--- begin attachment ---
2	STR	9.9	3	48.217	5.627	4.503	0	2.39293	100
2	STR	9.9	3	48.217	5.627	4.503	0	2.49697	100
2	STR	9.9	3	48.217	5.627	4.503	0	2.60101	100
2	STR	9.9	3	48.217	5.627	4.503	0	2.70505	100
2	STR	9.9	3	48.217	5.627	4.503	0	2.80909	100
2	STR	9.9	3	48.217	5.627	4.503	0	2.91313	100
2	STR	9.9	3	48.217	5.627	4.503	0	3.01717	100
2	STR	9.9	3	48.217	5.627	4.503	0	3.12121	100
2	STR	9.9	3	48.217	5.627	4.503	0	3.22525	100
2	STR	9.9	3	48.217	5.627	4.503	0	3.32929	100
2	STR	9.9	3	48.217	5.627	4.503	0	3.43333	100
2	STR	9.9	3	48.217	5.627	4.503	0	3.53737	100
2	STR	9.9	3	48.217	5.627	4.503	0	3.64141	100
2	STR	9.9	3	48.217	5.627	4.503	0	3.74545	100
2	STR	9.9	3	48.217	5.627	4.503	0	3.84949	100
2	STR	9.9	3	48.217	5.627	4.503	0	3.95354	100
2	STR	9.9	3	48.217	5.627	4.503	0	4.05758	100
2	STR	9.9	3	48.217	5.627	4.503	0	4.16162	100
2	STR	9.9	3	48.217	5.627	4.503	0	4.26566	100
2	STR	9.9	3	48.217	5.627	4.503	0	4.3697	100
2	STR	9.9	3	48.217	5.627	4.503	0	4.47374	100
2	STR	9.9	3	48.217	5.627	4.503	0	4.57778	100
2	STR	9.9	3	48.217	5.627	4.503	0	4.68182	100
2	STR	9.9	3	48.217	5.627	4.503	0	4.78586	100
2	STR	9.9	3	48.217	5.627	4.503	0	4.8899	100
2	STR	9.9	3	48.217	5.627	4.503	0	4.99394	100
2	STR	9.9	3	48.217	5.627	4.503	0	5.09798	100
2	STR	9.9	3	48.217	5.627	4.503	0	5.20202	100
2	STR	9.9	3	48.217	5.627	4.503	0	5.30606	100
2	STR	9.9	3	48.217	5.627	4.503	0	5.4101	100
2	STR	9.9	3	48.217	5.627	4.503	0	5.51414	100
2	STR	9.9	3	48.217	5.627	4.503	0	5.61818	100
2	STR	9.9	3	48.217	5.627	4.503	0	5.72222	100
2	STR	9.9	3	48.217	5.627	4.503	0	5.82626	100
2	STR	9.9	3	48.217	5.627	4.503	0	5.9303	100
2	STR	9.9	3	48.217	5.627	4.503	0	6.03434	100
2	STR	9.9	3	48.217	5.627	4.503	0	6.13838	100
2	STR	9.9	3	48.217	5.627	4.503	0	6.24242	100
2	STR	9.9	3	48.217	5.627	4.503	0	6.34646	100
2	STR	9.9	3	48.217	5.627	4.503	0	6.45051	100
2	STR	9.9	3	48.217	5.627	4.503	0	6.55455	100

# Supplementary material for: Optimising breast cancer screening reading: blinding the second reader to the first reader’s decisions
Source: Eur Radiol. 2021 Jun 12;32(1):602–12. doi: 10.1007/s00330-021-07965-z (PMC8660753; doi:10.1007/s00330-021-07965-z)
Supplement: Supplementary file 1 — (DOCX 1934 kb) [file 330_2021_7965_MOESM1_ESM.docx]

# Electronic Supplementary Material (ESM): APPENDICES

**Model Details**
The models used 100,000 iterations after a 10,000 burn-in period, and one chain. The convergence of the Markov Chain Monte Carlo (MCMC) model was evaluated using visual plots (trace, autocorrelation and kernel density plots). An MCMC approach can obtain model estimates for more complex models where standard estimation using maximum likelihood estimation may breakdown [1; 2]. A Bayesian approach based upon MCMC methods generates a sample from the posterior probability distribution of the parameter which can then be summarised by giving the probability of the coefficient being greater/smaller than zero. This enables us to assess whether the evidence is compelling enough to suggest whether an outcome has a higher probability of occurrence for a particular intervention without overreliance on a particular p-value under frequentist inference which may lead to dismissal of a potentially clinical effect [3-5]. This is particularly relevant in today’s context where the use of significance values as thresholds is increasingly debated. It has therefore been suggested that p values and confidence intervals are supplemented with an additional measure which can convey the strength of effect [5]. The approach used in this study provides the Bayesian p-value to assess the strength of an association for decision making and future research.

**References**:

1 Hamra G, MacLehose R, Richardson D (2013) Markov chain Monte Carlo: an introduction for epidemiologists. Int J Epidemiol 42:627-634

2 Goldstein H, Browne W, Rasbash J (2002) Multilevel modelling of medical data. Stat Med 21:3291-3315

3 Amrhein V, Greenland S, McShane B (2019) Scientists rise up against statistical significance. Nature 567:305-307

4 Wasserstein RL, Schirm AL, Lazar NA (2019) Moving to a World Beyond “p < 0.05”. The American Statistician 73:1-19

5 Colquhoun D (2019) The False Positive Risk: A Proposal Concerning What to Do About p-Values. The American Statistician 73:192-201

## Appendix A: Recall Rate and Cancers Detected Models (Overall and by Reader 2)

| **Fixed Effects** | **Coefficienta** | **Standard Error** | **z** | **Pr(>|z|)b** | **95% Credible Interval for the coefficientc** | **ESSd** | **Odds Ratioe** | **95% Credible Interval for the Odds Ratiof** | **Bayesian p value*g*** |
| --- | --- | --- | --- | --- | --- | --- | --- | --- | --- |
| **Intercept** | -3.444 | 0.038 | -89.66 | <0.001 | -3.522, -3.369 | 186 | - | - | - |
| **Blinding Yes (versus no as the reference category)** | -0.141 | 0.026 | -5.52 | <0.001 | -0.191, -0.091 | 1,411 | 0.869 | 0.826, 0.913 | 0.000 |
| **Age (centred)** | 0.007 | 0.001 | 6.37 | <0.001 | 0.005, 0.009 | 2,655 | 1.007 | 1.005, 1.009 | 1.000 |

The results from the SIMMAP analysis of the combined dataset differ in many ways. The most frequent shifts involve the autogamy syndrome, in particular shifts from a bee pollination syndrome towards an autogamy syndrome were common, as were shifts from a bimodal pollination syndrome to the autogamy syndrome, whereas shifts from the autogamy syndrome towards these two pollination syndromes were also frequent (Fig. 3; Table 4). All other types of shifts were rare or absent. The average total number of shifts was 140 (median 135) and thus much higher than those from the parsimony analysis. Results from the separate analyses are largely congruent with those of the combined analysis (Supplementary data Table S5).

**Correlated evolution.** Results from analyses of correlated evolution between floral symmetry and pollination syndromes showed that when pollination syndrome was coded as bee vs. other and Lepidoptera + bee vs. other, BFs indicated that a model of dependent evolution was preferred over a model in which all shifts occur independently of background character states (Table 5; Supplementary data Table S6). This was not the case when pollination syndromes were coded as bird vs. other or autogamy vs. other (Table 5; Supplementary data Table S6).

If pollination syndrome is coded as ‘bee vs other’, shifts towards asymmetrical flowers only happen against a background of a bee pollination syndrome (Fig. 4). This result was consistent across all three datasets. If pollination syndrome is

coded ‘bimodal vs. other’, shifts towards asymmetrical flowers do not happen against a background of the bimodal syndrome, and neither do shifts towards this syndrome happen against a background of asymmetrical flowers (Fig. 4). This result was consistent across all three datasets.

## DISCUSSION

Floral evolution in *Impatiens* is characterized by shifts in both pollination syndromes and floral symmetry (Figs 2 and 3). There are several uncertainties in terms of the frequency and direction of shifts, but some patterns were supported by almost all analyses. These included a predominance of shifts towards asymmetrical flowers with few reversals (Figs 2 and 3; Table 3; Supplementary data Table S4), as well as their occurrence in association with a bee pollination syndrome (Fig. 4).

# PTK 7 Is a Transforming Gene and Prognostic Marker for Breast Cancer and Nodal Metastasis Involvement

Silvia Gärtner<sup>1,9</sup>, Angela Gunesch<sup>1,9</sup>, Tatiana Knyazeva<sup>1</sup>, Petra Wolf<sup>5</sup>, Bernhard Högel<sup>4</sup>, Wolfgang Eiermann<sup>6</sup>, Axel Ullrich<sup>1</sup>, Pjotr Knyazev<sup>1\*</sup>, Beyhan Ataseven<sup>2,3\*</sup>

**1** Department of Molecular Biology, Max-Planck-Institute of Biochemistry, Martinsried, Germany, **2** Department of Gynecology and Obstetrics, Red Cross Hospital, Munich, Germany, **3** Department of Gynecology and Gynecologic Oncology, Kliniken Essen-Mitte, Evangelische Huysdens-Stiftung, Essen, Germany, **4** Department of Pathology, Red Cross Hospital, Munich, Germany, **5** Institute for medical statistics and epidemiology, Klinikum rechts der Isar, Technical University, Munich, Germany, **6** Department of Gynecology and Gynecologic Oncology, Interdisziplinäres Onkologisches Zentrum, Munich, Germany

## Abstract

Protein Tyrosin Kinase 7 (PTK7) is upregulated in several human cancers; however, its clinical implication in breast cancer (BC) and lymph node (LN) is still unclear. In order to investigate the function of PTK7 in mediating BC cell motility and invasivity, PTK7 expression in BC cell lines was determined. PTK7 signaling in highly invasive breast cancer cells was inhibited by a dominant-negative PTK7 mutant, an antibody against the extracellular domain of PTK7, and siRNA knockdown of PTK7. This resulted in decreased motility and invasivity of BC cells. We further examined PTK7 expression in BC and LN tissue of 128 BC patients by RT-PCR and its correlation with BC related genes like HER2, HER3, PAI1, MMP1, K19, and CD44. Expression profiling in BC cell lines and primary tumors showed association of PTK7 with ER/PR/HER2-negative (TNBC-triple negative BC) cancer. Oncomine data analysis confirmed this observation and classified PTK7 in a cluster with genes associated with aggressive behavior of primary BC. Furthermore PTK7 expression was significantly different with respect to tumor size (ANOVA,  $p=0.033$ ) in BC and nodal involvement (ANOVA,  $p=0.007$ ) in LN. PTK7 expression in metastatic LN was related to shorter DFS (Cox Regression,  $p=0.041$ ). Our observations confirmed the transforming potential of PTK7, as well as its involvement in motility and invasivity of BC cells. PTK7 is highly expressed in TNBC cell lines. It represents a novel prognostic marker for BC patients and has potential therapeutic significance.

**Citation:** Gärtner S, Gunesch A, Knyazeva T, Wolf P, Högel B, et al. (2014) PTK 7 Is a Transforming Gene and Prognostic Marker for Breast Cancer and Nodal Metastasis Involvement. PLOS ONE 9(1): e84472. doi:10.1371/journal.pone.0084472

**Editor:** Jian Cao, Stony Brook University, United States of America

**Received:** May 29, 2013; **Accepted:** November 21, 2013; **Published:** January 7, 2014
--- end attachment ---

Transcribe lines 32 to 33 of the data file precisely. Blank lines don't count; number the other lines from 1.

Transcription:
2	STR	9.9	3	48.217	5.627	4.503	0	5.61818	100
2	STR	9.9	3	48.217	5.627	4.503	0	5.72222	100